100,000 retailers might cease operations without government support
The Thai Retailers Association (TRA) said some 100,000 stores could close down due to the lockdown measure in Thailand, which would lead to loss of jobs for staff.
The vice-president of TRA, Chatrchai Toungratanaphan, revealed that the July retail sentiment Index (RSI) survey showed that the retail business was facing a crisis, as the RSI was at 16.4 points, the lowest in 16 months.
Retail sector revenue could contract by THB270 billion and some 100,000 stores are likely to cease operations, he added.
The RSI in the next three months is estimated to be at around 27.6 points due to delay in vaccination and a lack of relief measures. This estimate is lower than the 32.1 points in April 2020.
The RSI has drastically decreased in all retail categories of service, especially malls and restaurants. Their sales were directly affected by the lockdown measure, and were down 80 to 90 per cent from June.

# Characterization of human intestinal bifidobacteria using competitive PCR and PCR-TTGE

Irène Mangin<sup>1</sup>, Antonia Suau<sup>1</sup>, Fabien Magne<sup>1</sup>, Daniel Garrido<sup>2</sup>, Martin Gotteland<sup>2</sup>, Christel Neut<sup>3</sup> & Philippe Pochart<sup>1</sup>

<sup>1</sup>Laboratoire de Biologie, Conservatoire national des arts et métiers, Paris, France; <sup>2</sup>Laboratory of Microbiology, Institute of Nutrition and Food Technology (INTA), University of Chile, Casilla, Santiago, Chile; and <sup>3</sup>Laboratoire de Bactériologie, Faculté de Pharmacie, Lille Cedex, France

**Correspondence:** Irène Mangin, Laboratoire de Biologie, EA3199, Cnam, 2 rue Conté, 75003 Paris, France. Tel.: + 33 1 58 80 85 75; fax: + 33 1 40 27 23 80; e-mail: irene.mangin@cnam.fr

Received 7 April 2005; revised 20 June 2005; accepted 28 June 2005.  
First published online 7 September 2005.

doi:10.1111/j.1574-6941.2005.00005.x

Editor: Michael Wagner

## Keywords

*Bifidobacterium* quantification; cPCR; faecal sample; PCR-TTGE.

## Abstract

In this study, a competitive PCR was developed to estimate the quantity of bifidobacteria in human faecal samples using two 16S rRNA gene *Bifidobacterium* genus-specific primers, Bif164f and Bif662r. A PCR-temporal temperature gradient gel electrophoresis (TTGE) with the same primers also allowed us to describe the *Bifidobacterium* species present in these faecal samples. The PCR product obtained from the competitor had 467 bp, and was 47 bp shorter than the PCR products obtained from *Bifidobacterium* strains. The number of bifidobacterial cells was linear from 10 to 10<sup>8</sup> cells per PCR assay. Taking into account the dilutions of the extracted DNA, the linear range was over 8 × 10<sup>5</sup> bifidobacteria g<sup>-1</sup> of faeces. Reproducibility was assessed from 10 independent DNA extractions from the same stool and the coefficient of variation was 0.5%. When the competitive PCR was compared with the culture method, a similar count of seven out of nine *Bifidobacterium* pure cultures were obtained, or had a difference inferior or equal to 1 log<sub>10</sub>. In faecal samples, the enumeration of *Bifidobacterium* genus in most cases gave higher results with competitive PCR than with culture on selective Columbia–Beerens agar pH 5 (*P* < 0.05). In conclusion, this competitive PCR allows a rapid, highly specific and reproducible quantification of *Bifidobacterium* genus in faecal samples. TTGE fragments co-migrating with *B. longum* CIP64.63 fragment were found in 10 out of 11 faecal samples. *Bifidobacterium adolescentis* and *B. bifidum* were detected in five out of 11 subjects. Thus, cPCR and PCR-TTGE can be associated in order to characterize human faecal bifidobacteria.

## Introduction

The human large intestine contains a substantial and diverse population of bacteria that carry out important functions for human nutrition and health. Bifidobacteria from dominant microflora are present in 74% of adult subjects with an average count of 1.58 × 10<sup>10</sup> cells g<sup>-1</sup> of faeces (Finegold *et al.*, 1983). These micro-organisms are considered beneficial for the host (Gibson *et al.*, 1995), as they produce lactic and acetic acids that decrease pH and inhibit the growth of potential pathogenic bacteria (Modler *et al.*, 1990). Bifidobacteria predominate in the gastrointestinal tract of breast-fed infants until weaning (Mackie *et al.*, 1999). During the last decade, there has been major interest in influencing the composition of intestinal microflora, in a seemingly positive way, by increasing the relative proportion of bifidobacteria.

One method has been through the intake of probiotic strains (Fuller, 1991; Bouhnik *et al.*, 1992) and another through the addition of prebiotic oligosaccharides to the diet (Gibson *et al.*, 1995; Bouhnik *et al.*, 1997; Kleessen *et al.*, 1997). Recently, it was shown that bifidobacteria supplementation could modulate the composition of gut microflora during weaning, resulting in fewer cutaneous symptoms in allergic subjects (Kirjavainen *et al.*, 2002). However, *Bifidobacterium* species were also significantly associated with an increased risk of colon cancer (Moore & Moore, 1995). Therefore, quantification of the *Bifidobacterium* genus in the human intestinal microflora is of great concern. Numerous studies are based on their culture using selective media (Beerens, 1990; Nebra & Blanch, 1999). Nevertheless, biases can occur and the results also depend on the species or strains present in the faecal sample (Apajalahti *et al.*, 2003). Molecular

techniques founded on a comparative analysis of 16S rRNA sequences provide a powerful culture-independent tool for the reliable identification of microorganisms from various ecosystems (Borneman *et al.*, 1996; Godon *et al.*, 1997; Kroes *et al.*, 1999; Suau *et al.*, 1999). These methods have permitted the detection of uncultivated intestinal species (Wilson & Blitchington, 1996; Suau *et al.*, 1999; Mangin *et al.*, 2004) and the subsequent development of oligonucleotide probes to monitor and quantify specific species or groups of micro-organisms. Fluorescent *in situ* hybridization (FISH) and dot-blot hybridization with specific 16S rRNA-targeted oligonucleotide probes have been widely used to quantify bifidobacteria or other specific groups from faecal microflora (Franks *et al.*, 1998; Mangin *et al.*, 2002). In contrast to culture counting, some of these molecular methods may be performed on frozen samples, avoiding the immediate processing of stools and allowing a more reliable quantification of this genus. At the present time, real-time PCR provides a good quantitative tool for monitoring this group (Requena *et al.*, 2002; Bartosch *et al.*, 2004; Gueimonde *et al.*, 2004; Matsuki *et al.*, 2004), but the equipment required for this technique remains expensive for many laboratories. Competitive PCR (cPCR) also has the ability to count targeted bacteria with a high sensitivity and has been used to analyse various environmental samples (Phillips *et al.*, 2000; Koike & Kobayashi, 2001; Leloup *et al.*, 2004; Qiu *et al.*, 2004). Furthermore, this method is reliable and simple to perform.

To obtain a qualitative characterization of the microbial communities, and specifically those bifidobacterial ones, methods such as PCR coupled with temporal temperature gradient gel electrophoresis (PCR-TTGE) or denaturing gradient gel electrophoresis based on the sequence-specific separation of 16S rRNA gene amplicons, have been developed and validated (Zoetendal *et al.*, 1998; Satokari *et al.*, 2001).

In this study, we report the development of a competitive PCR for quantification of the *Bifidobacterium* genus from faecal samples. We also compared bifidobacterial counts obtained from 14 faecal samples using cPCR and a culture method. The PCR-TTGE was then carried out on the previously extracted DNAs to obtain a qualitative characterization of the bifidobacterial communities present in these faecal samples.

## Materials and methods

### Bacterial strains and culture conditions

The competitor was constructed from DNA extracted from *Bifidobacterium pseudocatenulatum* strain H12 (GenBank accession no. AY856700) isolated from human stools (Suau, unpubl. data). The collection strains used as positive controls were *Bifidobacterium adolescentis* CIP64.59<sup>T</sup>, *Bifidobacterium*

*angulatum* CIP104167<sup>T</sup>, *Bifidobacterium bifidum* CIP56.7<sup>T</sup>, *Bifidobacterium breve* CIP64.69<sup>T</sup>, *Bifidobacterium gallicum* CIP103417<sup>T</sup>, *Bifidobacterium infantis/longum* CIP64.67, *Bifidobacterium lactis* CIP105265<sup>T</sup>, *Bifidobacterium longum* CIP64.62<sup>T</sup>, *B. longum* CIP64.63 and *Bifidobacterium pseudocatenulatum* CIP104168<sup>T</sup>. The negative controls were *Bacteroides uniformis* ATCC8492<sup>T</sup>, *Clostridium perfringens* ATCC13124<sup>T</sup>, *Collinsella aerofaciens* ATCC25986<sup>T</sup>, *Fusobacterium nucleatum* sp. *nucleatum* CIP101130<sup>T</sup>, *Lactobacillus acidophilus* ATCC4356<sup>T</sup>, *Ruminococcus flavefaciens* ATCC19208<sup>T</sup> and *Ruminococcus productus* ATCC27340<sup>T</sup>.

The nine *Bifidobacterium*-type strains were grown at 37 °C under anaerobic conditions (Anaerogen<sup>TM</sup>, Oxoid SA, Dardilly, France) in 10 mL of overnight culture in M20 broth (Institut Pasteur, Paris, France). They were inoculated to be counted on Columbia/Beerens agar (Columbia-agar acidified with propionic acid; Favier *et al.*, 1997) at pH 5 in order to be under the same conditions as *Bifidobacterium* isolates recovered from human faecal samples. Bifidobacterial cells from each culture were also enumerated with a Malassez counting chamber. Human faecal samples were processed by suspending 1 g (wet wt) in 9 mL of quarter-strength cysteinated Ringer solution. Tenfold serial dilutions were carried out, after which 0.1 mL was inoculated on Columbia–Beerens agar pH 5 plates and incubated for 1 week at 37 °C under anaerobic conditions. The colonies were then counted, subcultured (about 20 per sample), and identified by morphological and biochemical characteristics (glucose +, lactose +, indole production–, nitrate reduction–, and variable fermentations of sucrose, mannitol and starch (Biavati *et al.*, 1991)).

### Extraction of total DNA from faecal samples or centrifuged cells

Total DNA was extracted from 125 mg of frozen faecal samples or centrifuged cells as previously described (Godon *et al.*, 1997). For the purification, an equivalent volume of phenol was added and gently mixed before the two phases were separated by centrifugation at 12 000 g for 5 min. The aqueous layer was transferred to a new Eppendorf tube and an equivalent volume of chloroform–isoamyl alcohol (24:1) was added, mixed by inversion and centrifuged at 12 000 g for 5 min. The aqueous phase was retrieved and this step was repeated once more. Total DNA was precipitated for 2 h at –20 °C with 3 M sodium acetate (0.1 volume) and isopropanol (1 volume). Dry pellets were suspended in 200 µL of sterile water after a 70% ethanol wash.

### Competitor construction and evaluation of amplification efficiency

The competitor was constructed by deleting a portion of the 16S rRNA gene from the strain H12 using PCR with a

Convenience stores were affected by the 9pm to 4am curfew. Their sales had fallen by 20 to 25 per cent as they could not sell in the late-night hours, which was one of their peak business hours. Also, 40 per cent of convenience stores were located in the "dark-red" zone, he added.
According to entrepreneurs, 90 per cent of them expected the economy to return to normal only in mid-2023 or later.
The association has requested four measures to the government to help the business sector prevent loss and closure:
▪️The government must come up with compensation measures for employers to help pay rent and 50 per cent of employees’ wages for at least six months.
▪️The government must reduce utility bills by 50 per cent for six months.
▪️Financial institutions should approve soft loans for entrepreneurs to get funds quickly in 30 days. Currently, only 10 per cent of 30,000 applicants receive approval. If the approval remains slow, around 100,000 entrepreneurs will have to cease operations.
▪️Suspend repayment and freeze interest on debt for at least six months for entrepreneurs who were debtors of financial institutions.